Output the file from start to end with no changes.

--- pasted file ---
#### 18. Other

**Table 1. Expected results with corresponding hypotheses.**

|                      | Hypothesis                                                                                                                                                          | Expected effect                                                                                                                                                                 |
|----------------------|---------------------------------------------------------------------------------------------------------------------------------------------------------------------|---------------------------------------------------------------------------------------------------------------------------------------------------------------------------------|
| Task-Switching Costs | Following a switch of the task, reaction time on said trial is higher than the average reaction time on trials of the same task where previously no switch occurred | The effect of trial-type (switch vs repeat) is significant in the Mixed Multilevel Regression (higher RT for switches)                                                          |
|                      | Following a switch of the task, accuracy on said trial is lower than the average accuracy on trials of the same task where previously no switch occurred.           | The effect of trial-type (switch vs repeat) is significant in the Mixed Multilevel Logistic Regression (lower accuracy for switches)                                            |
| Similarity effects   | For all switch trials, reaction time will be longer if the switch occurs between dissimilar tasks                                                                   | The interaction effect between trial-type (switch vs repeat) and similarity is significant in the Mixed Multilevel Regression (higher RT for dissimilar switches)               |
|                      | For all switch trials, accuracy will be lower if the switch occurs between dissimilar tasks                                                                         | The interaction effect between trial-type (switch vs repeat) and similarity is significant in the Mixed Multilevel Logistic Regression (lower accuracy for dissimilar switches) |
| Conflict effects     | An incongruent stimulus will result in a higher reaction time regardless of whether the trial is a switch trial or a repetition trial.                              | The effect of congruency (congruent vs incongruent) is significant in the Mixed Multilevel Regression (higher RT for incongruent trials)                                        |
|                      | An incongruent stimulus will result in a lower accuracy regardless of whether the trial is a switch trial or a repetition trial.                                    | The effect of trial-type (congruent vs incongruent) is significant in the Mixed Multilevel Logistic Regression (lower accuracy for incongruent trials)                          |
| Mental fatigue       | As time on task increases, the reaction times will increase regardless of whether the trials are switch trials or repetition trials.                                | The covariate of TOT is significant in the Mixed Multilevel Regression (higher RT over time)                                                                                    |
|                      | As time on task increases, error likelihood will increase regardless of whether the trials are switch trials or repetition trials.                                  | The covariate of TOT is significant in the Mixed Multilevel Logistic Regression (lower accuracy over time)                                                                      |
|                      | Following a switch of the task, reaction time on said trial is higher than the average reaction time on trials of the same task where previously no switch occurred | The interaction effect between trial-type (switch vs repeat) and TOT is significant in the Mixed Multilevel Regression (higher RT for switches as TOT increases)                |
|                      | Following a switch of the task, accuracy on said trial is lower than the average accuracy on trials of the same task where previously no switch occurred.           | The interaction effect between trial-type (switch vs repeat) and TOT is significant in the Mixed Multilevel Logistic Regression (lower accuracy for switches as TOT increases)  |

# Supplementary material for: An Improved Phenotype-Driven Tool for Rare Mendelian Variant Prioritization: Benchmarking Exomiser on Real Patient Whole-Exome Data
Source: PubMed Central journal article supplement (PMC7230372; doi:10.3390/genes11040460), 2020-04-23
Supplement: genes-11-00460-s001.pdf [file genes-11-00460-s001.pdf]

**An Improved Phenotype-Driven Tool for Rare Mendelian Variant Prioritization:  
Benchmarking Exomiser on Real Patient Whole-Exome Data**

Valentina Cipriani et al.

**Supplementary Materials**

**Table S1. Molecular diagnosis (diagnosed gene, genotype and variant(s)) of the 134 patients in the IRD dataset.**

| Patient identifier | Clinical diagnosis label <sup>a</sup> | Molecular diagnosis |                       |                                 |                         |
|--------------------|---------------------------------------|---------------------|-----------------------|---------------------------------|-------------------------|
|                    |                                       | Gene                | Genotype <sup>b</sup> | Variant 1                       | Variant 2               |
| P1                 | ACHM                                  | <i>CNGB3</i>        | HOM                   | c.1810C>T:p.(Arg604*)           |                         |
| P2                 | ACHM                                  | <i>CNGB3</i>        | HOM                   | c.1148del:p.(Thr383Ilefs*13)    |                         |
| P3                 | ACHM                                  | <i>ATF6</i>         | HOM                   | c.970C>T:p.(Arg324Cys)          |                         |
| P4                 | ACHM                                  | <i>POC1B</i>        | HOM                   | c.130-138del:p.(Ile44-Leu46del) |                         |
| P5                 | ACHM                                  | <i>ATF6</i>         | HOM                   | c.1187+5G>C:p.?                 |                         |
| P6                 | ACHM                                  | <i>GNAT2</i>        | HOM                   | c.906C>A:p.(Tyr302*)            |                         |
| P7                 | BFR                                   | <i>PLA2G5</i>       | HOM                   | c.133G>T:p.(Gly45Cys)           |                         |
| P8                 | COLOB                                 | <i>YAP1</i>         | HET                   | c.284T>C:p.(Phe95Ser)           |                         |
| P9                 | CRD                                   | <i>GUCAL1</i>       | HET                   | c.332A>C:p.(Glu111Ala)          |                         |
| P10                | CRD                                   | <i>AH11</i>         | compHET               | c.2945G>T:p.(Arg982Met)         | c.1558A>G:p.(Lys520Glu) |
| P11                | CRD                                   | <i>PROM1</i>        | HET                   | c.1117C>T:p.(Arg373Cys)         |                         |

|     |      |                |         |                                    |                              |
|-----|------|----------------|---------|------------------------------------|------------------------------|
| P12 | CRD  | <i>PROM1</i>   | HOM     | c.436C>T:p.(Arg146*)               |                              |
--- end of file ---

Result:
#### 18. Other

**Table 1. Expected results with corresponding hypotheses.**

|                      | Hypothesis                                                                                                                                                          | Expected effect                                                                                                                                                                 |
|----------------------|---------------------------------------------------------------------------------------------------------------------------------------------------------------------|---------------------------------------------------------------------------------------------------------------------------------------------------------------------------------|
| Task-Switching Costs | Following a switch of the task, reaction time on said trial is higher than the average reaction time on trials of the same task where previously no switch occurred | The effect of trial-type (switch vs repeat) is significant in the Mixed Multilevel Regression (higher RT for switches)                                                          |
|                      | Following a switch of the task, accuracy on said trial is lower than the average accuracy on trials of the same task where previously no switch occurred.           | The effect of trial-type (switch vs repeat) is significant in the Mixed Multilevel Logistic Regression (lower accuracy for switches)                                            |
| Similarity effects   | For all switch trials, reaction time will be longer if the switch occurs between dissimilar tasks                                                                   | The interaction effect between trial-type (switch vs repeat) and similarity is significant in the Mixed Multilevel Regression (higher RT for dissimilar switches)               |
|                      | For all switch trials, accuracy will be lower if the switch occurs between dissimilar tasks                                                                         | The interaction effect between trial-type (switch vs repeat) and similarity is significant in the Mixed Multilevel Logistic Regression (lower accuracy for dissimilar switches) |
| Conflict effects     | An incongruent stimulus will result in a higher reaction time regardless of whether the trial is a switch trial or a repetition trial.                              | The effect of congruency (congruent vs incongruent) is significant in the Mixed Multilevel Regression (higher RT for incongruent trials)                                        |
|                      | An incongruent stimulus will result in a lower accuracy regardless of whether the trial is a switch trial or a repetition trial.                                    | The effect of trial-type (congruent vs incongruent) is significant in the Mixed Multilevel Logistic Regression (lower accuracy for incongruent trials)                          |
| Mental fatigue       | As time on task increases, the reaction times will increase regardless of whether the trials are switch trials or repetition trials.                                | The covariate of TOT is significant in the Mixed Multilevel Regression (higher RT over time)                                                                                    |
|                      | As time on task increases, error likelihood will increase regardless of whether the trials are switch trials or repetition trials.                                  | The covariate of TOT is significant in the Mixed Multilevel Logistic Regression (lower accuracy over time)                                                                      |
|                      | Following a switch of the task, reaction time on said trial is higher than the average reaction time on trials of the same task where previously no switch occurred | The interaction effect between trial-type (switch vs repeat) and TOT is significant in the Mixed Multilevel Regression (higher RT for switches as TOT increases)                |
|                      | Following a switch of the task, accuracy on said trial is lower than the average accuracy on trials of the same task where previously no switch occurred.           | The interaction effect between trial-type (switch vs repeat) and TOT is significant in the Mixed Multilevel Logistic Regression (lower accuracy for switches as TOT increases)  |

# Supplementary material for: An Improved Phenotype-Driven Tool for Rare Mendelian Variant Prioritization: Benchmarking Exomiser on Real Patient Whole-Exome Data
Source: PubMed Central journal article supplement (PMC7230372; doi:10.3390/genes11040460), 2020-04-23
Supplement: genes-11-00460-s001.pdf [file genes-11-00460-s001.pdf]

**An Improved Phenotype-Driven Tool for Rare Mendelian Variant Prioritization:  
Benchmarking Exomiser on Real Patient Whole-Exome Data**

Valentina Cipriani et al.

**Supplementary Materials**

**Table S1. Molecular diagnosis (diagnosed gene, genotype and variant(s)) of the 134 patients in the IRD dataset.**

| Patient identifier | Clinical diagnosis label <sup>a</sup> | Molecular diagnosis |                       |                                 |                         |
|--------------------|---------------------------------------|---------------------|-----------------------|---------------------------------|-------------------------|
|                    |                                       | Gene                | Genotype <sup>b</sup> | Variant 1                       | Variant 2               |
| P1                 | ACHM                                  | <i>CNGB3</i>        | HOM                   | c.1810C>T:p.(Arg604*)           |                         |
| P2                 | ACHM                                  | <i>CNGB3</i>        | HOM                   | c.1148del:p.(Thr383Ilefs*13)    |                         |
| P3                 | ACHM                                  | <i>ATF6</i>         | HOM                   | c.970C>T:p.(Arg324Cys)          |                         |
| P4                 | ACHM                                  | <i>POC1B</i>        | HOM                   | c.130-138del:p.(Ile44-Leu46del) |                         |
| P5                 | ACHM                                  | <i>ATF6</i>         | HOM                   | c.1187+5G>C:p.?                 |                         |
| P6                 | ACHM                                  | <i>GNAT2</i>        | HOM                   | c.906C>A:p.(Tyr302*)            |                         |
| P7                 | BFR                                   | <i>PLA2G5</i>       | HOM                   | c.133G>T:p.(Gly45Cys)           |                         |
| P8                 | COLOB                                 | <i>YAP1</i>         | HET                   | c.284T>C:p.(Phe95Ser)           |                         |
| P9                 | CRD                                   | <i>GUCAL1</i>       | HET                   | c.332A>C:p.(Glu111Ala)          |                         |
| P10                | CRD                                   | <i>AH11</i>         | compHET               | c.2945G>T:p.(Arg982Met)         | c.1558A>G:p.(Lys520Glu) |
| P11                | CRD                                   | <i>PROM1</i>        | HET                   | c.1117C>T:p.(Arg373Cys)         |                         |

|     |      |                |         |                                    |                              |
|-----|------|----------------|---------|------------------------------------|------------------------------|
| P12 | CRD  | <i>PROM1</i>   | HOM     | c.436C>T:p.(Arg146*)               |                              |